Introduction

Decision making is part of the daily routine of biosurveillance. When a healthcare provider or a citizen notifies a health department about a case or an unusual cluster of illness, the staff at the health department must decide whether and how to further investigate. Hospital infection control practitioners, veterinarians, or nursing home directors face similar decisions when they receive results of testing or discover anomalous numbers of cases of disease. During an outbreak, these individuals face many decisions that they must make quickly and often under uncertainty and resource limitations.

Recently, the number of routine decisions faced by biosurveillance staff has increased. Now, not only must staff decide whether to investigate reports of confirmed cases from physicians and laboratories, and the less frequent reports of clusters of illnesses, but they must also decide whether to react to surveillance data collected from schools, 911 call centers, doctor's offices, pharmacies, and emergency departments. These data are associated with higher degrees of uncertainty than are reportable disease data, which increases the difficulty of the decisions.

Biosurveillance organizations also make decisions. They decide how to set the alarm thresholds of detection algorithms. These decisions are closely related to the above decisions about how to react to anomalies in biosurveillance data. A biosurveillance organization also decides how to invest finite resources in biosurveillance systems.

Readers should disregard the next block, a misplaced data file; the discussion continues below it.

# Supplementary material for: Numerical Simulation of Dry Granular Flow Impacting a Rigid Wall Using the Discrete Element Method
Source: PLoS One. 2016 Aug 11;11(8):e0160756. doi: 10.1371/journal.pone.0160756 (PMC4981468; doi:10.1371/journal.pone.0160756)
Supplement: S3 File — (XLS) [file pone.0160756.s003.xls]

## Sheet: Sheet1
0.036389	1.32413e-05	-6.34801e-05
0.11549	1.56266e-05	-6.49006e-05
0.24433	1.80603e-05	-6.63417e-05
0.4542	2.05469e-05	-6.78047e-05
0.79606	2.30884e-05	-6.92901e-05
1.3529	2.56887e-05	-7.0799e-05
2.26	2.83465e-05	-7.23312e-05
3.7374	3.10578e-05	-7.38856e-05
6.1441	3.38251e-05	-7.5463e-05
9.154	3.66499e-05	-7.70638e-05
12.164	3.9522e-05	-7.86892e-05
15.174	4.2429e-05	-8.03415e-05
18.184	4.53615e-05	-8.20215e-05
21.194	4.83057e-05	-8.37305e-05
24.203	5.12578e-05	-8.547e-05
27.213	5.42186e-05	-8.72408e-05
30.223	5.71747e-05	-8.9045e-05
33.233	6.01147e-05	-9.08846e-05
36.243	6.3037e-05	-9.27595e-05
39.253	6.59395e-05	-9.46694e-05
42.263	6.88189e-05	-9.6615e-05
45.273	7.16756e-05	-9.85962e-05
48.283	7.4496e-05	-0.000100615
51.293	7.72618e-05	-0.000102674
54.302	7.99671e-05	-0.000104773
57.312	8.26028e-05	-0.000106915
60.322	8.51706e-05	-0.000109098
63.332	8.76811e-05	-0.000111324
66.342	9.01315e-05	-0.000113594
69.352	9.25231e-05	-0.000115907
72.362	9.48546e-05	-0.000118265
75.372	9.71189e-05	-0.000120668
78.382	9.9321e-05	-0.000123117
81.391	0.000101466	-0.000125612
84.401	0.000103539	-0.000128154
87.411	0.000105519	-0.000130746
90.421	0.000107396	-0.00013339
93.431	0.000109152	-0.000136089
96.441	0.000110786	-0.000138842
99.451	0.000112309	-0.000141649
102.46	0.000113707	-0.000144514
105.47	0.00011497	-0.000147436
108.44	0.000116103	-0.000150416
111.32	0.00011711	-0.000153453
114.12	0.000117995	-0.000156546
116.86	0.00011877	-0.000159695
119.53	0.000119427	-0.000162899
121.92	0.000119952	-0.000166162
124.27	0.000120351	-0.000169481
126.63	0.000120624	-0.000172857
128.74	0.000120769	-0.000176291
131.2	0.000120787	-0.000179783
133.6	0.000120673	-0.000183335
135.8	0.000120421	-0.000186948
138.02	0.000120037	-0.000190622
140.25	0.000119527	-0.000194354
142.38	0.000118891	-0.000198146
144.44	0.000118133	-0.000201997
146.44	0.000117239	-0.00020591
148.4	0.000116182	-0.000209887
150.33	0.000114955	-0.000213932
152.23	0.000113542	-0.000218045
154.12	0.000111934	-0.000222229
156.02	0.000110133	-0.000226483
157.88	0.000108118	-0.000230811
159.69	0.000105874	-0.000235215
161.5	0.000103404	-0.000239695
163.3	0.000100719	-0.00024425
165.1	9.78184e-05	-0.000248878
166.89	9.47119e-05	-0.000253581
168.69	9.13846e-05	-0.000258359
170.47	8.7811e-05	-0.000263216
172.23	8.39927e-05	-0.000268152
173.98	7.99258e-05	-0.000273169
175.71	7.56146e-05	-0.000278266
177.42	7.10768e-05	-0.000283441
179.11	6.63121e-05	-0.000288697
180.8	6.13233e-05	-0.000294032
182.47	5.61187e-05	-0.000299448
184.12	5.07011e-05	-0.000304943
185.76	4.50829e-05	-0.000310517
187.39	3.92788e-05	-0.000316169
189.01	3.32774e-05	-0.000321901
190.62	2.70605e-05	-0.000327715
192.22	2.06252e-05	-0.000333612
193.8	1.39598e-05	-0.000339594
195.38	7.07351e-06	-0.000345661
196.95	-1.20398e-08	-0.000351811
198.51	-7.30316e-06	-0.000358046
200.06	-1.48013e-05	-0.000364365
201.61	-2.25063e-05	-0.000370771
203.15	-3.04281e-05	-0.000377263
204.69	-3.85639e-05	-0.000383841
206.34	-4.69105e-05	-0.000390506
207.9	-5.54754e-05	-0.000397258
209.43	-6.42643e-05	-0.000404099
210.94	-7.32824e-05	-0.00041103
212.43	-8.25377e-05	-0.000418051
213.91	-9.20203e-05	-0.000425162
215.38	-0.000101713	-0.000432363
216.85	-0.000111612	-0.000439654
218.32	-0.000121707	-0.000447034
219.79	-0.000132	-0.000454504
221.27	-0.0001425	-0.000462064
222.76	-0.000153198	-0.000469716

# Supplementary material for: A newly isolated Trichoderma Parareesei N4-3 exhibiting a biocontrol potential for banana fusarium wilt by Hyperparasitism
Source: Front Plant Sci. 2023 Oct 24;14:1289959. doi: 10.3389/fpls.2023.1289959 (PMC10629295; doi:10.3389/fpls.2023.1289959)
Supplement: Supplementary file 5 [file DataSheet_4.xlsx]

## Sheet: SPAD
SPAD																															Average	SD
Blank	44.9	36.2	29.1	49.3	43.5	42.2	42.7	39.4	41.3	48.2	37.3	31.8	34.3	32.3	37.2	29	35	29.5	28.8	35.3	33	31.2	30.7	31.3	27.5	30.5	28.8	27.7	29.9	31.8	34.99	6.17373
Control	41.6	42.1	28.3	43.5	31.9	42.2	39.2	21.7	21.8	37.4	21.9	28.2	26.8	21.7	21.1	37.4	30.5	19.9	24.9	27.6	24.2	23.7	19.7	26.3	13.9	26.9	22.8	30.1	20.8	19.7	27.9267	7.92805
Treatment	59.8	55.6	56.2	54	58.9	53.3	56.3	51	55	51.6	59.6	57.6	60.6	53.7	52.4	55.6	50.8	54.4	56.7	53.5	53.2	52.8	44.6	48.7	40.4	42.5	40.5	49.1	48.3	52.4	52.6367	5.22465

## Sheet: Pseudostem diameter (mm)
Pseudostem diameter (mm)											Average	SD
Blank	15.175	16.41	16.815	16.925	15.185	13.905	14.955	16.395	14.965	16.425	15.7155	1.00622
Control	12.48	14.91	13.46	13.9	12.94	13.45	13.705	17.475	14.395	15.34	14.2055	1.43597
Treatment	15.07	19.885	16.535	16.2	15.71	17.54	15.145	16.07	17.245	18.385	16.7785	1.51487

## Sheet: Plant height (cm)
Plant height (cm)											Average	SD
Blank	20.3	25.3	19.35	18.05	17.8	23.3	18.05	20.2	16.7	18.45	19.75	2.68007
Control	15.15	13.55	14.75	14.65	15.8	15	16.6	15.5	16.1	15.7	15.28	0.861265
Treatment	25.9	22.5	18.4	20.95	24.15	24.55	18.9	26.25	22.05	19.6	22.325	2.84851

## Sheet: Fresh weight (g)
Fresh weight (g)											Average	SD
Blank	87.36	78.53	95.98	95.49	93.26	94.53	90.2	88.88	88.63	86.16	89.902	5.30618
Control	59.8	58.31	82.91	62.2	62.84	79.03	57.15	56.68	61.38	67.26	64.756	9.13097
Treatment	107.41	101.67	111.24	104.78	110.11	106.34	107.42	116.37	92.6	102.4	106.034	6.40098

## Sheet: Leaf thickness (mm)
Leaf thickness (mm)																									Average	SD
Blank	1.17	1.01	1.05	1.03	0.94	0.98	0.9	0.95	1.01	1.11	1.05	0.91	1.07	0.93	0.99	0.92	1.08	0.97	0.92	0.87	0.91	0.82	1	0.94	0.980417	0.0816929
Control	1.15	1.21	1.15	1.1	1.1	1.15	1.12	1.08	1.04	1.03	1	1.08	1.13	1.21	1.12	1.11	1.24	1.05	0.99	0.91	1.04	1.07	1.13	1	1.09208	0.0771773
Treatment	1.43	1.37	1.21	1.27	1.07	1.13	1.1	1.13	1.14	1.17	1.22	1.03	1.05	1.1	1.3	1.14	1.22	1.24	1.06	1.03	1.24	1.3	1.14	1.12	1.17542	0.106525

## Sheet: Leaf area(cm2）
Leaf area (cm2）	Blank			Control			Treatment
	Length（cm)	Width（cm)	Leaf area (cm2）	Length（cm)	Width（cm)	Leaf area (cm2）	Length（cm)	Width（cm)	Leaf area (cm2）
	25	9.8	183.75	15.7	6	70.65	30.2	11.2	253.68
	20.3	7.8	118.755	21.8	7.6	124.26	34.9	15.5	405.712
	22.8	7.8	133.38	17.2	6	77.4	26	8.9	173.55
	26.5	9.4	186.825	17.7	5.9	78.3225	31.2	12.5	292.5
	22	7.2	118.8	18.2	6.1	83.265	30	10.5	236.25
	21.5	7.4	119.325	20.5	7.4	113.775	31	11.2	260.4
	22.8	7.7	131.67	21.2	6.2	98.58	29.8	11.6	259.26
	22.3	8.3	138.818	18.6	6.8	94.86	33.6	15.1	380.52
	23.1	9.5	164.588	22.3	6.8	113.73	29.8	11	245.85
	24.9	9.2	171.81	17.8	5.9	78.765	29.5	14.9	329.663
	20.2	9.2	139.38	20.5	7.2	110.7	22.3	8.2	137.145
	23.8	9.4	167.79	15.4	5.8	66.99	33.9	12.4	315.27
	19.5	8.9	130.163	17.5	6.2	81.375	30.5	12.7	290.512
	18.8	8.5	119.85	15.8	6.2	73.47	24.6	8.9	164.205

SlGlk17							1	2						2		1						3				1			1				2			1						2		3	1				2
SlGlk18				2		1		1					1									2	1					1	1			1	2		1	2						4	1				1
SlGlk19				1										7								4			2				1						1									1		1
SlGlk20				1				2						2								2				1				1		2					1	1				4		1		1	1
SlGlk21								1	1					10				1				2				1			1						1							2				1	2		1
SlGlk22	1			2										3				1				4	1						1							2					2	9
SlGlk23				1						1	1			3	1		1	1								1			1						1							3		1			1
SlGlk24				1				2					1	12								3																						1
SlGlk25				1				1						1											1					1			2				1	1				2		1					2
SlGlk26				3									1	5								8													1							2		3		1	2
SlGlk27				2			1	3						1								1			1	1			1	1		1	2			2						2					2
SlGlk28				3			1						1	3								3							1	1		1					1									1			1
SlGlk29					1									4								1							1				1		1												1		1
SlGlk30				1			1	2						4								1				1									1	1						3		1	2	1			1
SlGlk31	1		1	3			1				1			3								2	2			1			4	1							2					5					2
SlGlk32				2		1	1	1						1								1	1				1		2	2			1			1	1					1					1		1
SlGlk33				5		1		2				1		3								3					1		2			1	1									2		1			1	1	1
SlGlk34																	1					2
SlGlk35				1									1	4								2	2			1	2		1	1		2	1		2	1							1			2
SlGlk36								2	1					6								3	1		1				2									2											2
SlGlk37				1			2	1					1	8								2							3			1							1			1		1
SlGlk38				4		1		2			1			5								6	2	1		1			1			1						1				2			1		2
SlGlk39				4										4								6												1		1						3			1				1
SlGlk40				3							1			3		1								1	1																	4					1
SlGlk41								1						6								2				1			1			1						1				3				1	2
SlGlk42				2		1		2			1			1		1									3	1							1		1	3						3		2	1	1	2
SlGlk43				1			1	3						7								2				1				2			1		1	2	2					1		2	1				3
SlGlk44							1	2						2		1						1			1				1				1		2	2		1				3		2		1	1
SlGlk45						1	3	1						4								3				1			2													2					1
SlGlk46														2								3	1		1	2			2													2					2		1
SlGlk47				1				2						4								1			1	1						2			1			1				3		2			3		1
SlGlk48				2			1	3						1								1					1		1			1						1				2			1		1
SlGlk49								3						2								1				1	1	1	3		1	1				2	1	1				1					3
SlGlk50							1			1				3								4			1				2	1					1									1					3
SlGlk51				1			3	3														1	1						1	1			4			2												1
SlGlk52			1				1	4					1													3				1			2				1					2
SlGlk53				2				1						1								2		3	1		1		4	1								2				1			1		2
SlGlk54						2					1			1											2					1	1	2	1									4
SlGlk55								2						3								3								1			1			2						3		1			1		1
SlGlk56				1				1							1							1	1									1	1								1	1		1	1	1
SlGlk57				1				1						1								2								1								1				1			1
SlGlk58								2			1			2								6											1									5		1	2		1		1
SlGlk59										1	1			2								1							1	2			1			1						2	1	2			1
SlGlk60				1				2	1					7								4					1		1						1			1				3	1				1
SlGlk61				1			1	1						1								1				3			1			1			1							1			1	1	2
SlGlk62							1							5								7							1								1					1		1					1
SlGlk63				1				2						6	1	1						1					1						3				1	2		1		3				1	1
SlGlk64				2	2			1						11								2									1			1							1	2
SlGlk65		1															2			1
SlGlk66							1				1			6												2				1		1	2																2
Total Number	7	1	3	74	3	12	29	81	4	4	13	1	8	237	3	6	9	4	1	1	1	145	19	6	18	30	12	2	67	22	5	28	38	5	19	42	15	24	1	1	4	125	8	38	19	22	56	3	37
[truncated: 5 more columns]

In this chapter, we focus on the decisions elicited by anomalies in biosurveillance data. We review the science of decision making, which includes decision theory and decision analysis. Decision analysis is a technique that people and organizations can use to improve the quality of their decisions. Organizations may use decision analysis to develop policies to guide frontline personnel or even incorporate the mathematical models created by these techniques directly into biosurveillance systems.

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